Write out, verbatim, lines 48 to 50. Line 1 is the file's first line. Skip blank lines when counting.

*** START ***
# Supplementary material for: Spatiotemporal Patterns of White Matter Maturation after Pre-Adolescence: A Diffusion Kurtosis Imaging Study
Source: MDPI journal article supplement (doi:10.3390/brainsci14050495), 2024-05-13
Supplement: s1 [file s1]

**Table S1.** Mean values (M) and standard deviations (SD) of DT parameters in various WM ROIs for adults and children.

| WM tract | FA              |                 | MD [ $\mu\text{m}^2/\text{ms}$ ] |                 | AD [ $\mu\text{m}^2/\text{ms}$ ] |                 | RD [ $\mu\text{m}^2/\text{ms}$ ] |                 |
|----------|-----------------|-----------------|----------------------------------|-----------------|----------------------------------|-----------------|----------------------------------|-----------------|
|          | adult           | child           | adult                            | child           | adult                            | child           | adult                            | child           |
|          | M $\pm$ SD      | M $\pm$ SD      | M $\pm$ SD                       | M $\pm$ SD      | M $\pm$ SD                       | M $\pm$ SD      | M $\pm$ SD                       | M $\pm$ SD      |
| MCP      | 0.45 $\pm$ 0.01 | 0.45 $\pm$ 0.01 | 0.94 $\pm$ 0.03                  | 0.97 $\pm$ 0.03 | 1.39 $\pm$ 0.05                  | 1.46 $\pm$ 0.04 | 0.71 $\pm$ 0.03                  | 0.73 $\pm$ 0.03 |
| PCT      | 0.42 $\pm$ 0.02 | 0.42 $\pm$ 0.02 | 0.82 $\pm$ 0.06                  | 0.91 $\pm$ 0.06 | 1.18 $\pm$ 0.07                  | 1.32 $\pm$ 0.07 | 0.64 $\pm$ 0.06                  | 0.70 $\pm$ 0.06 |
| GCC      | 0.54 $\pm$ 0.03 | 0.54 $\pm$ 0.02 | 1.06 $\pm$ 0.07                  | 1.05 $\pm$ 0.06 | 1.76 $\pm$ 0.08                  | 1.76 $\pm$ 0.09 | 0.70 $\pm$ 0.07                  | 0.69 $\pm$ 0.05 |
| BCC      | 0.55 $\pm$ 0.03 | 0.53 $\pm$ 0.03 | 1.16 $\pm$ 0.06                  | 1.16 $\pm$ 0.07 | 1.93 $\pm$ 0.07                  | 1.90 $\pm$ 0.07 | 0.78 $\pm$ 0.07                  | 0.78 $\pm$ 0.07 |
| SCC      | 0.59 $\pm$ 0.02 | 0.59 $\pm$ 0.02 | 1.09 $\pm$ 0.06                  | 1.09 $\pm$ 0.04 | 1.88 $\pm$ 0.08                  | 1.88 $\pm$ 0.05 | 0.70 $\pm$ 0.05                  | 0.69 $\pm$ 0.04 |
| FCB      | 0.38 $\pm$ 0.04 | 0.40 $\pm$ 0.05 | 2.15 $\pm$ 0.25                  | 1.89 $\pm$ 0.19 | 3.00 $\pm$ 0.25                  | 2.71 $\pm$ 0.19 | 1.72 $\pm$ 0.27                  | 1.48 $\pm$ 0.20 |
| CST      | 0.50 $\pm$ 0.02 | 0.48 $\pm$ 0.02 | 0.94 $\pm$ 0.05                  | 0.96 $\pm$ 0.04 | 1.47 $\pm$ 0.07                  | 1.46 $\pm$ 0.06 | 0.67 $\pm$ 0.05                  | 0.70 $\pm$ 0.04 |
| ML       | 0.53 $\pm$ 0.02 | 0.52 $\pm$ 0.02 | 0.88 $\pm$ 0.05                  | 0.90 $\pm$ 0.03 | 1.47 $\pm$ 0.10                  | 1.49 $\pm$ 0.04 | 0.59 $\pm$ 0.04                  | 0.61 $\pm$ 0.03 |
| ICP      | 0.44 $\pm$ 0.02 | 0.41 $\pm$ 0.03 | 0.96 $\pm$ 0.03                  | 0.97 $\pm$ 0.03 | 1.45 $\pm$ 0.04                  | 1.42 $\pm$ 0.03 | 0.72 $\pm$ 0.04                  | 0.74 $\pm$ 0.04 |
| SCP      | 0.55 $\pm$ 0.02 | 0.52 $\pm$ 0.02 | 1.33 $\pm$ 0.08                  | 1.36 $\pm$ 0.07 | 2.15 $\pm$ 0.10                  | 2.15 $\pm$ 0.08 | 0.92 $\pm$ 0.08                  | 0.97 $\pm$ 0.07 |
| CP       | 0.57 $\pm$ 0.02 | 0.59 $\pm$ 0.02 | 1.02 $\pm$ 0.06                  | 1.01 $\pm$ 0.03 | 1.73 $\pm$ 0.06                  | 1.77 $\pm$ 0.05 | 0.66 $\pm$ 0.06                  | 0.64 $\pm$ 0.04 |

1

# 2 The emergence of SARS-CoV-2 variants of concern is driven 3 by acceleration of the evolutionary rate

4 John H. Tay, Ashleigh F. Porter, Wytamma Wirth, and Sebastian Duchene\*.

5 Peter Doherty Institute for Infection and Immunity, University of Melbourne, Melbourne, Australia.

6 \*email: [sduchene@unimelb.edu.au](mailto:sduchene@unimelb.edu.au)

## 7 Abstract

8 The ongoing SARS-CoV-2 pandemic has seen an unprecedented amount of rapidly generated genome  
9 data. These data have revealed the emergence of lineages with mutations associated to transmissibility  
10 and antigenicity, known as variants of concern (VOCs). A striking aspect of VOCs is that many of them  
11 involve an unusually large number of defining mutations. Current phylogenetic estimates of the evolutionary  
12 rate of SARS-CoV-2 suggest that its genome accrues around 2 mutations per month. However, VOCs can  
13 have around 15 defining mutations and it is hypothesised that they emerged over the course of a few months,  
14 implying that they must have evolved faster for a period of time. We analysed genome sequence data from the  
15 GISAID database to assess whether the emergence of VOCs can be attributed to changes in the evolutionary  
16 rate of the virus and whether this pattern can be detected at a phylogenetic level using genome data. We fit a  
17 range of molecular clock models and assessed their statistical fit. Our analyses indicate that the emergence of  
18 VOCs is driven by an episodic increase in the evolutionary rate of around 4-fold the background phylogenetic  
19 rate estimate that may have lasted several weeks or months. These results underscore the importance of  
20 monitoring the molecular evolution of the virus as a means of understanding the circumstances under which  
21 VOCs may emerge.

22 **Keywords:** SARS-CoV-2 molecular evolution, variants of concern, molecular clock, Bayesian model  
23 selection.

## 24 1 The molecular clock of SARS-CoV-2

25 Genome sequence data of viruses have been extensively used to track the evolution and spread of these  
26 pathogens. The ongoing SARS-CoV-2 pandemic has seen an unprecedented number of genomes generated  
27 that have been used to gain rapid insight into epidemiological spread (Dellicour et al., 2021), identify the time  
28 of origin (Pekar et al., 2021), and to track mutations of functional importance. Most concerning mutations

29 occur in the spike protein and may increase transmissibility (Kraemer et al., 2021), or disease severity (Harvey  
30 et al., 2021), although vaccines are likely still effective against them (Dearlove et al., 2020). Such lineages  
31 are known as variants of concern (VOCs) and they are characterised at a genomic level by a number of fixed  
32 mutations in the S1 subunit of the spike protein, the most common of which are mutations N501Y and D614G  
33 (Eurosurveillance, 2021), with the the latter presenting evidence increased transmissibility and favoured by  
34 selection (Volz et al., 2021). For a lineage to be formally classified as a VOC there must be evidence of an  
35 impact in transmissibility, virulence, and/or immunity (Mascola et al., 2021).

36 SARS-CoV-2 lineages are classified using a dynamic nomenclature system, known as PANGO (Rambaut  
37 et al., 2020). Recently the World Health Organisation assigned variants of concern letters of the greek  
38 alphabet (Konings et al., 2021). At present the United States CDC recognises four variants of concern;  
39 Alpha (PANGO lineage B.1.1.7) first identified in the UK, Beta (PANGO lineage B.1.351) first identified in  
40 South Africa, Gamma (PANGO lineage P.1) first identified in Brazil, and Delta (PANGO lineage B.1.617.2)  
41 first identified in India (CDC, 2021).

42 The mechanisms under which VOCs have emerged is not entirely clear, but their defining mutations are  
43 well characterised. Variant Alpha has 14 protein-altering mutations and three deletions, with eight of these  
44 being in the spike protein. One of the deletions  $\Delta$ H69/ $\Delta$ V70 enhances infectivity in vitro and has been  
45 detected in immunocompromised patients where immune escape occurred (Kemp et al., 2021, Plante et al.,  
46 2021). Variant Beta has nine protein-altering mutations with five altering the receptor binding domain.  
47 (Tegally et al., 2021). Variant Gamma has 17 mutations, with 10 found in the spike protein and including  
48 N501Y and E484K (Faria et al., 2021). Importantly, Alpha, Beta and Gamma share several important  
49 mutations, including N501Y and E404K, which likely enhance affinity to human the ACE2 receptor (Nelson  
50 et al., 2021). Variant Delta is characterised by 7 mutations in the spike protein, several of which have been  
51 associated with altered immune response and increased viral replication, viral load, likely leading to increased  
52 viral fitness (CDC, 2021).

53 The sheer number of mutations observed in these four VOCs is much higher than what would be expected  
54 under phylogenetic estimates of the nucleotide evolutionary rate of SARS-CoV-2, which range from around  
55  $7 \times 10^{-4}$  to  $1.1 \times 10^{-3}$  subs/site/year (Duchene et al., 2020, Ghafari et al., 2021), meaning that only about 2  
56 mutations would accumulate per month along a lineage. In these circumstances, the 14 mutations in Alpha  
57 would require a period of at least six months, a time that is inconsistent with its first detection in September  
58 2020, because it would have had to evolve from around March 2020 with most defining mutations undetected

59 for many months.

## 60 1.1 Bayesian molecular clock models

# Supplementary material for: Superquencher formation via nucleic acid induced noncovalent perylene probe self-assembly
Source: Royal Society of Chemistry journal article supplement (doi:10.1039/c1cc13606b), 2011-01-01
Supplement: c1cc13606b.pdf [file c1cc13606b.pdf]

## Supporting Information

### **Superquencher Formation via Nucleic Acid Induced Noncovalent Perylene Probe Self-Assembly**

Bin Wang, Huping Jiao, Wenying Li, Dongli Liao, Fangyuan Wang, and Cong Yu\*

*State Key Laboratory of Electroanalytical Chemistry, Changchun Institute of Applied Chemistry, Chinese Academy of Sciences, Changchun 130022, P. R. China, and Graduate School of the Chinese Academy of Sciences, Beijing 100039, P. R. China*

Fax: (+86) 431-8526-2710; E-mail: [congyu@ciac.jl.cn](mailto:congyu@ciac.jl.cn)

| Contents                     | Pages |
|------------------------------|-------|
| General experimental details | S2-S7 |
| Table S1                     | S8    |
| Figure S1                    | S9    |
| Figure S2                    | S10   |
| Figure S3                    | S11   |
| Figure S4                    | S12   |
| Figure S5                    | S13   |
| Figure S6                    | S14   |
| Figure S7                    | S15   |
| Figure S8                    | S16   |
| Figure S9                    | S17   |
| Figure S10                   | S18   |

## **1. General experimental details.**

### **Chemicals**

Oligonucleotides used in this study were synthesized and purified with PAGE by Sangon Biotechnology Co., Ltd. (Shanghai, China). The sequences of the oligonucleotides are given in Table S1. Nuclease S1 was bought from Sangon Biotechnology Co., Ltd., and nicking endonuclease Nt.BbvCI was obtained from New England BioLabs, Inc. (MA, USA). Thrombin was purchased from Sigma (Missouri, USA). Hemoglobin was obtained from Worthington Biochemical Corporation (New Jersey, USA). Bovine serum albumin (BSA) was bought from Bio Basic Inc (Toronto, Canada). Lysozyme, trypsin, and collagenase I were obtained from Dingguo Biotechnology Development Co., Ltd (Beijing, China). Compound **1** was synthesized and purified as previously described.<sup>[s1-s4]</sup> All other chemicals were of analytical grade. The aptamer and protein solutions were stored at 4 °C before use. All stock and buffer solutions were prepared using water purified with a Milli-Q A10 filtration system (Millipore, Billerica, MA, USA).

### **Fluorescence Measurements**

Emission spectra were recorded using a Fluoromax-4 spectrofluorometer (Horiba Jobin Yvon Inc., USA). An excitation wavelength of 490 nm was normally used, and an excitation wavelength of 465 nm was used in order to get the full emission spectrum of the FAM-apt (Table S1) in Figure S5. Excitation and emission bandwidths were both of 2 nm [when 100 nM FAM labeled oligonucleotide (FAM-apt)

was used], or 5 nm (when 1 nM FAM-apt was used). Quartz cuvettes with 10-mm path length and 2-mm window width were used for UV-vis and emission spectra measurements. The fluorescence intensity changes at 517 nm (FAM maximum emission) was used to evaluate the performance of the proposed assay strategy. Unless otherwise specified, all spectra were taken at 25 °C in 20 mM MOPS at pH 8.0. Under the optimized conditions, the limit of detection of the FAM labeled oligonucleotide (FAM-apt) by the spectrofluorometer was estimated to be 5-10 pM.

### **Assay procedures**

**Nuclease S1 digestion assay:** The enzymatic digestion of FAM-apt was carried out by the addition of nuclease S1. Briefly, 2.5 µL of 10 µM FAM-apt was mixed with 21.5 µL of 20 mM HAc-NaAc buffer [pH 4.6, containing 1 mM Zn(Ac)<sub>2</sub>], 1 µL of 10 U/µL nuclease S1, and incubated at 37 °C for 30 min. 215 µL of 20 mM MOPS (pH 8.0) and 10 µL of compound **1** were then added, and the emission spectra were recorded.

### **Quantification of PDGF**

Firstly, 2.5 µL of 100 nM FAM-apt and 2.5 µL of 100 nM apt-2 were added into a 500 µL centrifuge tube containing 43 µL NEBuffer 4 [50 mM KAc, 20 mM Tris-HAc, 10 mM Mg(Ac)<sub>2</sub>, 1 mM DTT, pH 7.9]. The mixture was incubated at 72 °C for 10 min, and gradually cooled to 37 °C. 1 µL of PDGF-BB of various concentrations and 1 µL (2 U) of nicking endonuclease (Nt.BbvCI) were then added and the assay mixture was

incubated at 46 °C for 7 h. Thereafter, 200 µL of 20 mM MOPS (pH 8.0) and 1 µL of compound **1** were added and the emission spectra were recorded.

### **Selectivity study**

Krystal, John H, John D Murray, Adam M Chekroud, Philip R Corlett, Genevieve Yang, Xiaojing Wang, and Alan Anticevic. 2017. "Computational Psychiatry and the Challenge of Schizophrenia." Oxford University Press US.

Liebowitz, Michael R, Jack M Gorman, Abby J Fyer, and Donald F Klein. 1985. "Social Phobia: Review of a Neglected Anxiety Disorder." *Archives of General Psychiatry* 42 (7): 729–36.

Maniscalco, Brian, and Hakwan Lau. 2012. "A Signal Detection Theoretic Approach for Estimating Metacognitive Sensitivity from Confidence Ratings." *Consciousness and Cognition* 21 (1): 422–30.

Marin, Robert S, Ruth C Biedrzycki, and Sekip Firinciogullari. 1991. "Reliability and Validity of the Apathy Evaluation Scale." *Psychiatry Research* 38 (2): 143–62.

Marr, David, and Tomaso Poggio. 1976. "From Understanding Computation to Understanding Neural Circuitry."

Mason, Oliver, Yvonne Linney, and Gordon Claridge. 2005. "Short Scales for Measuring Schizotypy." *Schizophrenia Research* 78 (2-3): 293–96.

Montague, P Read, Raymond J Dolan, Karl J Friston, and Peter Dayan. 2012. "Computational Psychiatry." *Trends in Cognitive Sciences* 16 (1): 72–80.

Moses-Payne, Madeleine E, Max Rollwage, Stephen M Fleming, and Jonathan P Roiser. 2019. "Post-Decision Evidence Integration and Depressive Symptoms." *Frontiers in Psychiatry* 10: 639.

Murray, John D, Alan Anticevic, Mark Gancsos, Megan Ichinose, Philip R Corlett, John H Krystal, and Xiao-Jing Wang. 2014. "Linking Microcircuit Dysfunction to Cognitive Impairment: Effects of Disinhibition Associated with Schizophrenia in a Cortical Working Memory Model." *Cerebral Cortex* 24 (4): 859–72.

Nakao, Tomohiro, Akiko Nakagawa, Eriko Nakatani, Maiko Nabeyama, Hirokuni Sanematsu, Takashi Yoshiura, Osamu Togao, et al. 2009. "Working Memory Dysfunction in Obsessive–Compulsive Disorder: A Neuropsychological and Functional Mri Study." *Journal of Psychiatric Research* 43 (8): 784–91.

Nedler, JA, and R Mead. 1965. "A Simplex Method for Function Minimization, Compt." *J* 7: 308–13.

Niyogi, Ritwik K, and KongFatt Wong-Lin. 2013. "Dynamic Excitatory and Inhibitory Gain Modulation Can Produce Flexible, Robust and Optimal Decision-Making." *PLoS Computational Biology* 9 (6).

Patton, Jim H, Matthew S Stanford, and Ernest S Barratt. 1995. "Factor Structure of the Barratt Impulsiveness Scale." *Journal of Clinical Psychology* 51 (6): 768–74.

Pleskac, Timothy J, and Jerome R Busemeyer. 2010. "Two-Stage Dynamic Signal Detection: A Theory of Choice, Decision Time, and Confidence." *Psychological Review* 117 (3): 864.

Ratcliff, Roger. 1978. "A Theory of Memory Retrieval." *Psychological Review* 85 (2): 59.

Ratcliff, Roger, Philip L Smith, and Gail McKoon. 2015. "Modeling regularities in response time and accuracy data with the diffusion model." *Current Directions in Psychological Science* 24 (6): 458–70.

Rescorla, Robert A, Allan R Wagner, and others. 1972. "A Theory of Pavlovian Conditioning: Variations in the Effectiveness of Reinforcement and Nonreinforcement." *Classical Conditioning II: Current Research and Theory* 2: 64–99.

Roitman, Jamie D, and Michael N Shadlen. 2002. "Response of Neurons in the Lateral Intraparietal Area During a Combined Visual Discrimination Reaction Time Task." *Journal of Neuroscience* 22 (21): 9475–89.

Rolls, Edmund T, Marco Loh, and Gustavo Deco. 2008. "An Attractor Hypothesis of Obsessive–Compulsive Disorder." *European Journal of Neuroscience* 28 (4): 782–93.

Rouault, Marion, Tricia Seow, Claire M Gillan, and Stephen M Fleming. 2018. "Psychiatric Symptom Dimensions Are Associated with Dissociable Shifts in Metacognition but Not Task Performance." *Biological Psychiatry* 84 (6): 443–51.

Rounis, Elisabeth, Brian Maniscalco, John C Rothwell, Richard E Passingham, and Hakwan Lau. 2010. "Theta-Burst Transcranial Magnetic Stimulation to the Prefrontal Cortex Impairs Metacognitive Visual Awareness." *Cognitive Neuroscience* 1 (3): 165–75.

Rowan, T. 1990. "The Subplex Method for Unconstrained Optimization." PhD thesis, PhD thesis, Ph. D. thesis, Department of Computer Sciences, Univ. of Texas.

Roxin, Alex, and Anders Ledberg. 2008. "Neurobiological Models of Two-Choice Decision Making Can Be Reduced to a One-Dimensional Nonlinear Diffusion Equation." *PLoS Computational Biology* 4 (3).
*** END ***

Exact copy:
30 et al., 2021), although vaccines are likely still effective against them (Dearlove et al., 2020). Such lineages  
31 are known as variants of concern (VOCs) and they are characterised at a genomic level by a number of fixed  
32 mutations in the S1 subunit of the spike protein, the most common of which are mutations N501Y and D614G  